Liverpool peer’s long campaign to overturn 1882 miscarriage of justice in west of Ireland nears success as Irish government acts
The Irish government said this week it wants to overturn a notorious miscarriage of justice – 135 years after the event.
It confirmed it has appointed an expert on posthumous pardons to re-examine the case of the Mám Trasna murders of 1882, which led to the hangings of three men and life sentences for five others.
On 17 August 1882 five members of the Joyce family were murdered in their home in Mám Trasna, a remote area on the Galway-Mayo border.
Eight local men were convicted of the crime and sentenced to hang, based on what later emerged to be perjured evidence given by informers and alleged eyewitnesses, who received £1,250 — equivalent to about €160,000 today.
It follows a lengthy campaign by Lord Alton of Liverpool, former MP David Alton, whose mother was a native Irish speaker from the Mám Trasna area.
He campaigned for many years with fellow Liverpool peer, the late Eric Lubbock or Baron Avebury who died last year. Lord Alton said those charged with the murders had no understanding of the court proceeding in English.
“To have a fair trial, you need to be able to understand the accusations that are being made against you.
“You need to be able to understand the evidence being given by your accusers, and you need to be able to understand the directions of the judge. “If you can’t understand any of these it makes it impossible to have a fair trial,” he said.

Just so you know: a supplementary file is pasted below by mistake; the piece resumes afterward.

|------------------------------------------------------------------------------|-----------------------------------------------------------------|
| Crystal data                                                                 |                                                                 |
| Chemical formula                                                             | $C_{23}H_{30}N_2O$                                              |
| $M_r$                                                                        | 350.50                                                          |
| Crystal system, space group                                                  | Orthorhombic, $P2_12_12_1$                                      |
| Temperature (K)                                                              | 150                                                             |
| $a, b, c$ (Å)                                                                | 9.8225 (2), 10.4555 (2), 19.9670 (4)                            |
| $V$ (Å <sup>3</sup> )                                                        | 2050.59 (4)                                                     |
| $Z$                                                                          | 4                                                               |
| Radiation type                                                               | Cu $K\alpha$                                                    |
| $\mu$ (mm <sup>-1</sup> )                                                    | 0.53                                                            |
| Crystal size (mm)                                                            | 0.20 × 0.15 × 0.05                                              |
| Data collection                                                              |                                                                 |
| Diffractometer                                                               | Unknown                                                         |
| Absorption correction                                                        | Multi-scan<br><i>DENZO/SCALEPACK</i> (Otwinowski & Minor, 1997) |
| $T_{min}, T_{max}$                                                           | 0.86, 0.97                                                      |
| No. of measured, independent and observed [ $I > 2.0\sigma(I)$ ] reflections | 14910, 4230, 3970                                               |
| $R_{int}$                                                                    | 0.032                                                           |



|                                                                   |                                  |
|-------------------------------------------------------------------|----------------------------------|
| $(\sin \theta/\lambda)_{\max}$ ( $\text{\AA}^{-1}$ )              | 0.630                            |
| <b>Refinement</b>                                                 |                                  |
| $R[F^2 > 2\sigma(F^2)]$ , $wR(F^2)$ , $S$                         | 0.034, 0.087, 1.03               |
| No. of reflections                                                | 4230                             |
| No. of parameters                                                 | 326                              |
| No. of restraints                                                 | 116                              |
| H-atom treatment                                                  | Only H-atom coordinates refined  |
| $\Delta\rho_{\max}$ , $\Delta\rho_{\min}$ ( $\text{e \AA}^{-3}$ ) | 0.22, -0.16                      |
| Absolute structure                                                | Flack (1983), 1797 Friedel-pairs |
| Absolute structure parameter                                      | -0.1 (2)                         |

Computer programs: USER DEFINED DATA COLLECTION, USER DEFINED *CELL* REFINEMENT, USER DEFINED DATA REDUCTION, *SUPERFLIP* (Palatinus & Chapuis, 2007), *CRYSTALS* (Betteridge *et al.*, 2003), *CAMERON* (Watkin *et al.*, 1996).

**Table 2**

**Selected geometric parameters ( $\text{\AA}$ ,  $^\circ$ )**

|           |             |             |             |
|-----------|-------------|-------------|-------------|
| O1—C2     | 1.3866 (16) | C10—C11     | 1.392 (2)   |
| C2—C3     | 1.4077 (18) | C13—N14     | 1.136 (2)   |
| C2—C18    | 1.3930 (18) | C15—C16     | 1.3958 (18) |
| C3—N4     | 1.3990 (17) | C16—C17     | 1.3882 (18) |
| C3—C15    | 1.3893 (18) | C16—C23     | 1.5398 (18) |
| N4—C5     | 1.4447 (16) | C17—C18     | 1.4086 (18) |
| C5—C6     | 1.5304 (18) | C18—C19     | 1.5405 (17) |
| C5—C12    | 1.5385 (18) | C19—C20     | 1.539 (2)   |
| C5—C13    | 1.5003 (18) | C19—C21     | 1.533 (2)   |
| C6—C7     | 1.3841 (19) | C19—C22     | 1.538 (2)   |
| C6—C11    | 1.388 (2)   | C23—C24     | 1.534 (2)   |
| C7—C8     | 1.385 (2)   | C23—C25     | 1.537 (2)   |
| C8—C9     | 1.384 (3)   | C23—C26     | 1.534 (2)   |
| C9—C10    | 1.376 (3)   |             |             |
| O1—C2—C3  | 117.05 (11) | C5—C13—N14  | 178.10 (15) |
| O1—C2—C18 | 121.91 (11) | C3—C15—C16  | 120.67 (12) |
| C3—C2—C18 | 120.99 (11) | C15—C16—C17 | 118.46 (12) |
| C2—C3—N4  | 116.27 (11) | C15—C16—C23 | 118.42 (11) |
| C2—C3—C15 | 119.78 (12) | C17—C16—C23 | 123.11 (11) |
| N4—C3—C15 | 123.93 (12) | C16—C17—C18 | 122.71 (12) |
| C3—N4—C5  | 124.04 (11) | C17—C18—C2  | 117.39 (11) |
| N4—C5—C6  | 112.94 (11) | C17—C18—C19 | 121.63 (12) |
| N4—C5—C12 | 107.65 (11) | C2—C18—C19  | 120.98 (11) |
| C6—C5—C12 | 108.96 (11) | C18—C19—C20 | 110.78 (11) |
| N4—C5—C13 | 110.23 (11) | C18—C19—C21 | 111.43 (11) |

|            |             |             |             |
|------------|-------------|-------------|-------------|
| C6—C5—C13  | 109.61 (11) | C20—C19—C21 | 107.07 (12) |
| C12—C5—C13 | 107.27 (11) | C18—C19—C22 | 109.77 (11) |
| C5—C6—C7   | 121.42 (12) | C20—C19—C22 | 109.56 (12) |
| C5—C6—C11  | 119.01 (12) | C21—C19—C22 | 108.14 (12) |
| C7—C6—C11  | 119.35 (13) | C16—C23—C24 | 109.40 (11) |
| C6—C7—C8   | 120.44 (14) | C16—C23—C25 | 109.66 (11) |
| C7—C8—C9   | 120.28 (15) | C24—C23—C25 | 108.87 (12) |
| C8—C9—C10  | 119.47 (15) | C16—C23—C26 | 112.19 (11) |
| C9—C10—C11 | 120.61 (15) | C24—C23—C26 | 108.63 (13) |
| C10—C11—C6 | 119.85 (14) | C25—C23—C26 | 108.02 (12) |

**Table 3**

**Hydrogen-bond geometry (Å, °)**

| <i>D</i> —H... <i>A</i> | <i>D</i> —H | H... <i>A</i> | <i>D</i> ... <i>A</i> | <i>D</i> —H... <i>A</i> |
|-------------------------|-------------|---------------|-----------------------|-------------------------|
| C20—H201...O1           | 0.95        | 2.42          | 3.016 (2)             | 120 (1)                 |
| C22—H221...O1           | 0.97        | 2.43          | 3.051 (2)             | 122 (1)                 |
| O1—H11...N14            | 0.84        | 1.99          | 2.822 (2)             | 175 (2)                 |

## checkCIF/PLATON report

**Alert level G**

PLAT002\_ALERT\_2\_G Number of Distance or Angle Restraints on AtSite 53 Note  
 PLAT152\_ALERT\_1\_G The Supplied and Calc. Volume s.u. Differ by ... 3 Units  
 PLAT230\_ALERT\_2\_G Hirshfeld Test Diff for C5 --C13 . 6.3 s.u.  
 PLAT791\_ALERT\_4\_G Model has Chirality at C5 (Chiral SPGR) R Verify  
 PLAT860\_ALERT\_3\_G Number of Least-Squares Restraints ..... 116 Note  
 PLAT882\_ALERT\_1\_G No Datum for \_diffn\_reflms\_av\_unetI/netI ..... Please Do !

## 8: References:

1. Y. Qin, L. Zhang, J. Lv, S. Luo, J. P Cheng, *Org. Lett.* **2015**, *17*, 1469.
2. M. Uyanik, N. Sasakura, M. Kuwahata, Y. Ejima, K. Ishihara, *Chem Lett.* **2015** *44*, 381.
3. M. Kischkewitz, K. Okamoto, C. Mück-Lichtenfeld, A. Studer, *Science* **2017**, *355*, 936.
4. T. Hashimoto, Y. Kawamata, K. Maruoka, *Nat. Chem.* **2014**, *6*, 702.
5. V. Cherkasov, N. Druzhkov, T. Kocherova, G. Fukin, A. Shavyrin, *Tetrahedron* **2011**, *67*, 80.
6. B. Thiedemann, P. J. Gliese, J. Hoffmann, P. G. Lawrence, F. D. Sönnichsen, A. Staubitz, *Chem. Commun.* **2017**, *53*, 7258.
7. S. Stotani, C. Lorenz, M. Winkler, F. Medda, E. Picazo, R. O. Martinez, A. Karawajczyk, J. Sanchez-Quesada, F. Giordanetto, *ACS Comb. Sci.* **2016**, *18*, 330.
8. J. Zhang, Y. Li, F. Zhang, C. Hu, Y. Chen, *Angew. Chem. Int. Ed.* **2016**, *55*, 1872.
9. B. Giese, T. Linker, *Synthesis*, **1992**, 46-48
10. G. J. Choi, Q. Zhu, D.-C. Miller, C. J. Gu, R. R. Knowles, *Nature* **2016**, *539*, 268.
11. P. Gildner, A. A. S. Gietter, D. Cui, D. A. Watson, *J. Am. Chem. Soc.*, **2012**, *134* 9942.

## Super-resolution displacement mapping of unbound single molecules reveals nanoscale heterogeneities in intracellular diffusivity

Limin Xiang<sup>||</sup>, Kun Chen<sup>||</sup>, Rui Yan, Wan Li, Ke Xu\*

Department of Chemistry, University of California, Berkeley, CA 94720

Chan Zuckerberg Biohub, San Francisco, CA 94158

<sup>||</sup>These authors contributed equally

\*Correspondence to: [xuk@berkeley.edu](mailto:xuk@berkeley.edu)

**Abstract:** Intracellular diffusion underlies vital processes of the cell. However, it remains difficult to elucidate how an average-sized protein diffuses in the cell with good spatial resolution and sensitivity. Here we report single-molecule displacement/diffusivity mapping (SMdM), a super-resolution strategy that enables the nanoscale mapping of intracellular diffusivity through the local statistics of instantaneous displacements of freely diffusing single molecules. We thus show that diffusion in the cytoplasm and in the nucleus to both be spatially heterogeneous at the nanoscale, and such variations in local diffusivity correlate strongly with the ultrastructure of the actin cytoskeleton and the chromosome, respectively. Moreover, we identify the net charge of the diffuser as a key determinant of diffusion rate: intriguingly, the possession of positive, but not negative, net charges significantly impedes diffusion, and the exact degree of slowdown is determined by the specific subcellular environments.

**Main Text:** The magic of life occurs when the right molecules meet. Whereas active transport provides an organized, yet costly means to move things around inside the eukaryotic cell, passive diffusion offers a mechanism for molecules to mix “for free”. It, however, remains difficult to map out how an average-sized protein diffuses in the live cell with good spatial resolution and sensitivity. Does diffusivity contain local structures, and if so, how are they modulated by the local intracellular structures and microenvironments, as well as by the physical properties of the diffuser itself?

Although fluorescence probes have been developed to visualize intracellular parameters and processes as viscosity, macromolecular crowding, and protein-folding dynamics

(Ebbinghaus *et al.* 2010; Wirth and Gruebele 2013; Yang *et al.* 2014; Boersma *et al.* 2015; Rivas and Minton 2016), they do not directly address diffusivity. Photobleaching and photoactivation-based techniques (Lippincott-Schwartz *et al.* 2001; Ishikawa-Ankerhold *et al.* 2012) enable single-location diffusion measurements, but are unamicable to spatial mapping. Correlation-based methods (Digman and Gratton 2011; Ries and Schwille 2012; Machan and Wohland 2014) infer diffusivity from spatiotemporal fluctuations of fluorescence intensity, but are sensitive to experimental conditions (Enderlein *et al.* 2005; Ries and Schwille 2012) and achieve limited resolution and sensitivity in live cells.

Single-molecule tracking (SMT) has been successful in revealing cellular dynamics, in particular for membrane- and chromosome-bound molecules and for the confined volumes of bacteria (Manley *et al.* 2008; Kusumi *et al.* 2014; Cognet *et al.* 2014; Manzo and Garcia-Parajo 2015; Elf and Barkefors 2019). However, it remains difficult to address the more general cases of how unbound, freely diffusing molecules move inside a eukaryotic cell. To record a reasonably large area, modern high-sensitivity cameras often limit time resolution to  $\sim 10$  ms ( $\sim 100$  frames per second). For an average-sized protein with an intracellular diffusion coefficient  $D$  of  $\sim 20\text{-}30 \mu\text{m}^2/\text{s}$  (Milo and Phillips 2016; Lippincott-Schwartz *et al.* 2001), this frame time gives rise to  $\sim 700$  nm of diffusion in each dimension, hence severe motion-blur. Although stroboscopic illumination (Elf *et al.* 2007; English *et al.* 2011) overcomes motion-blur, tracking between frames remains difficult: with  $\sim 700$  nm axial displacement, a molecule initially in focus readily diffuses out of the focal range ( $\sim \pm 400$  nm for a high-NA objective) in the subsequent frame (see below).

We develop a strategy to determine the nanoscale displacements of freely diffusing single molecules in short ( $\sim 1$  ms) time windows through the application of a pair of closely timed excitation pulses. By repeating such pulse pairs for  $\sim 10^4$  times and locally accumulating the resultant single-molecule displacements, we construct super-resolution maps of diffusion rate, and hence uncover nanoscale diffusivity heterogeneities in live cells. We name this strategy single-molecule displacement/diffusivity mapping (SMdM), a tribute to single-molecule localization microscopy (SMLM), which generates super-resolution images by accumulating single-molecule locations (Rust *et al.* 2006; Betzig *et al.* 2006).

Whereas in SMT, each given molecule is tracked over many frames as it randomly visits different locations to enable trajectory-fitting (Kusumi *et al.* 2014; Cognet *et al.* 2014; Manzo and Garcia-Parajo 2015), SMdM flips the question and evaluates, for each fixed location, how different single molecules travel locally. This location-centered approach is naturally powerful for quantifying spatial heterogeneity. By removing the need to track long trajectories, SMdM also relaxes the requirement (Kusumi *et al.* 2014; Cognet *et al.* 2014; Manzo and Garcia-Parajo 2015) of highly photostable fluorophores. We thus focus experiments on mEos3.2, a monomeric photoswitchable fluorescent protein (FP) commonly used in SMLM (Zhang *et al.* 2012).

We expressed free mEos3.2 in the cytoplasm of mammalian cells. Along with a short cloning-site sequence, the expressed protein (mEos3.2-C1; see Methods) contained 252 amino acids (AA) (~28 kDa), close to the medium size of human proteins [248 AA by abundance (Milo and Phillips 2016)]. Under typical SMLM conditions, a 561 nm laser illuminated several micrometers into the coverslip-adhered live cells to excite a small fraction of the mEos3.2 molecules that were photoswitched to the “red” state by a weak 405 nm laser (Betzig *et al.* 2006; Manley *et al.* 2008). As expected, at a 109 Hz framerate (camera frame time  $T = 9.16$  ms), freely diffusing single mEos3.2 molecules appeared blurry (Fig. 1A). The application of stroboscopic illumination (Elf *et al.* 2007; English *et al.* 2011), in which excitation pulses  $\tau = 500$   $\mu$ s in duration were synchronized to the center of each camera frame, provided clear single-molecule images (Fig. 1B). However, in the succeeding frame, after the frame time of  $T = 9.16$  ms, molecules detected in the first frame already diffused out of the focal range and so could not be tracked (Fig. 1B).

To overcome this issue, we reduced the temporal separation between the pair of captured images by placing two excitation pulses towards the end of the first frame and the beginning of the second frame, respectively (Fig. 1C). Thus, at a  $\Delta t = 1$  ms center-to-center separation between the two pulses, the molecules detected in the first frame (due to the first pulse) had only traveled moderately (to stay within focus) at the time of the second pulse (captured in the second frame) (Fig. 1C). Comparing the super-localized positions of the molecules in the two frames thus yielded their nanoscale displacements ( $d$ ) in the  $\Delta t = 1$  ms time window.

The announcement also followed a call by President Michael D Higgins, in a drama documentary, Murdair Mhám Trasna, for the Irish language channel TG4, to pardon the men.
The president said the eight accused were denied a fair trial, witnesses were bribed and the men, native Irish speakers, were viewed “as a race apart” by the British legal officials.
“The government has appointed an expert to examine the case. I look forward to receiving the expert’s opinion and the government’s advice on the matter,” Mr Higgins said. “If it were up to me, the formalities aside, I would be happy to accept that the injustice which occurred should be recognised.”
Those convicted were tried in English although, being native Irish speakers, most of those charged had little or no knowledge of the language.
In an interview featured in Murdair Mhám Trasna, a new drama-documentary on TG4, President Michael D Higgins announced the government’s appointment and said: “Everything that happened at that level of the State was horrendous. There was bribery involved. The accused didn’t get a chance to defend themselves. There wasn’t an atmosphere of equality and there was no equality as regards legal processes at that time.
“Speaking of the British authorities at the time, Higgins said that they viewed the men “as a race apart who were not on equal footing with ordinary civilised people”.
Pádraig Ó hÉanacháin, whose relative was one of the convicted men, welcomed the appointment of an expert to examine the case.
He told RTE News: “It is a pity that it has taken so long to get this investigation started, but at least it might bring the result that we’re all hoping for.
“The government and all the agencies should bring all the pressure that’s possible to bear so that we can achieve that result.”
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